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1 There is a small lizard, called by the modern naturalists the Lacerta scincus; but Cuvier conceives that this cannot be the animal here referred to, because it is so very much smaller than the ichneumon, that no one would have thought of comparing them; and, what seems a better reason, because it is not found in the Nile. From the account of the scincus in B. xxviii. c. 30, it is probable that the animal here referred to is a species of monitor, popularly called the land crocodile. Herodotus, B. iv. c. 192, speaks of the land crocodile as found in Libya; it is also mentioned by Pausanias, Corinthiaca, c. 20, and by Prosper Alpinus, Ægypt. B. iv. c. 5. —B. The scincus is probably the "Lacerta ouaran" of Cuvier.
2 Cuvier remarks, that this account cannot really apply to the dolphin, because none of the cetacea possess the spines here described. He investigates the subject with his usual sagacity, and concludes, with much probability, that the animal here referred to was a squalus, the Squalus centrina, or spinax of Linnæus; Ajasson, vol. vi. pp. 443, 444; Lemaire, vol. iii. pp. 422, 423. We have an account of the contest between the crocodile and the dolphin in Seneca, Nat. Quæst. B. iv. c. 2.—B.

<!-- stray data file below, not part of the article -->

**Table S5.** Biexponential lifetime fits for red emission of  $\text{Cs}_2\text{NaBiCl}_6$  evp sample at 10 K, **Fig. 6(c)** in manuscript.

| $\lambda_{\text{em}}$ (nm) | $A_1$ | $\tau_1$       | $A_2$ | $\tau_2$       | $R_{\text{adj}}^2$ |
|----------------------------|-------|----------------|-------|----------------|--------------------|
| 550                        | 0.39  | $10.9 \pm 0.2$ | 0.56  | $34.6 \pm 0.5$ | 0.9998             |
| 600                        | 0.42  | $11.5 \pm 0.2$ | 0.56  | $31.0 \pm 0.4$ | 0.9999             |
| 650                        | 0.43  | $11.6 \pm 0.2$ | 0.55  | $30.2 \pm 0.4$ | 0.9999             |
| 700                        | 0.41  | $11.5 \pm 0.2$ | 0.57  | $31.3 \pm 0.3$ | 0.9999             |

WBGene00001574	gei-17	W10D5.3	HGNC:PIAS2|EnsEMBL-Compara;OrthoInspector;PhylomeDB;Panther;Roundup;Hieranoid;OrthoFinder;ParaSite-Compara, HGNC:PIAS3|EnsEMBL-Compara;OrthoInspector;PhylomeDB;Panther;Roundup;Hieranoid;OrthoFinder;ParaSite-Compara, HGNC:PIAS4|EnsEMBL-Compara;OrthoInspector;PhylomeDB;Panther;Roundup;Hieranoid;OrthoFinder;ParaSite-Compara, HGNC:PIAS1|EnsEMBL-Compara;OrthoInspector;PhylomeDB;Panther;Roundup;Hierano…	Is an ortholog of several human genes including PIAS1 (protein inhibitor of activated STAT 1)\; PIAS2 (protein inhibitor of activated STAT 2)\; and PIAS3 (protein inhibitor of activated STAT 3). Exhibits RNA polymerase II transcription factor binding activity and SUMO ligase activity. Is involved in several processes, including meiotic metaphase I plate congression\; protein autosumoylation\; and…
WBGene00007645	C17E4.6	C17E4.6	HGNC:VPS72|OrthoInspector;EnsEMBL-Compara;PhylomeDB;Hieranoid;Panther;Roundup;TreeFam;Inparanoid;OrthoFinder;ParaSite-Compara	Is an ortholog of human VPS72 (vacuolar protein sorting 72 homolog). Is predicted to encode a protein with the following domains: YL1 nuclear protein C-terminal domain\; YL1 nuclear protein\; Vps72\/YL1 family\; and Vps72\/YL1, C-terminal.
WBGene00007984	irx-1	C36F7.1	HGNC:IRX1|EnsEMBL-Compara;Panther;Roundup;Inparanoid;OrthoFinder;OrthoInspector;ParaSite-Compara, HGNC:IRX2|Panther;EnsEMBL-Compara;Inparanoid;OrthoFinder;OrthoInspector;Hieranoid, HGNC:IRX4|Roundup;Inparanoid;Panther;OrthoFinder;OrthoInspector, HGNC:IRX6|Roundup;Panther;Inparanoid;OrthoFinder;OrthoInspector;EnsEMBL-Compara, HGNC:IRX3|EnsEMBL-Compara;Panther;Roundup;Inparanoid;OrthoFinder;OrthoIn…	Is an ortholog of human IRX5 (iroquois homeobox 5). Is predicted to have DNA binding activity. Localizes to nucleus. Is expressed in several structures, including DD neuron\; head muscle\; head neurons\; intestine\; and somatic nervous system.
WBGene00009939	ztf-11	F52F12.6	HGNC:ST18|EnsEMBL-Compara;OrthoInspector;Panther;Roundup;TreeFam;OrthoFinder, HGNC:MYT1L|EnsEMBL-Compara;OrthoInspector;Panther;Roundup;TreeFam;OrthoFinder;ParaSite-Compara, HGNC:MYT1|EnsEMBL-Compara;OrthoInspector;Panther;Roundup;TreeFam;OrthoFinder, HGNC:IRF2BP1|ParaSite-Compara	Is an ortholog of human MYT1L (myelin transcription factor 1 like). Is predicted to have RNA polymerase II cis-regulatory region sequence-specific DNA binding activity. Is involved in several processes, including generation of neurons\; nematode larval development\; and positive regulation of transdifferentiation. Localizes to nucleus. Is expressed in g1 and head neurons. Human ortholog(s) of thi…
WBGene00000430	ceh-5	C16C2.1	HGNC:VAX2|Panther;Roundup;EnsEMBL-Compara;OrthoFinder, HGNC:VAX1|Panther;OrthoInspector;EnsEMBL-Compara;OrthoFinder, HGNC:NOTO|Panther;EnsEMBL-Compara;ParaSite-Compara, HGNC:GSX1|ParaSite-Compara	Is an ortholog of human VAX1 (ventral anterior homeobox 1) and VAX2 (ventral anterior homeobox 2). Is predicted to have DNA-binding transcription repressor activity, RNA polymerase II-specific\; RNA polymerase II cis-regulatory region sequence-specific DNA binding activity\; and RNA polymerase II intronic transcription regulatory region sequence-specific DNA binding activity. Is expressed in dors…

3 We have some account of the Tentyritæ in Ælian, Anim. Nat. B. x. c. 21.—B. See B. xxviii. c. 6.
4 See B. vii. c. 2. The best description of the Psylli is that given by Lucan in B. ix. 1. 892, et seq., where he describes the march of Cato's army across the burning coasts of the Syrtes.
5 This, as Cuvier remarks, is the case with the crocodiles of North America, which, like other reptiles, become torpid during the cold season; Ajasson, vol. vi. p. 444; Lemaire, vol. iii. p. 424.—B.
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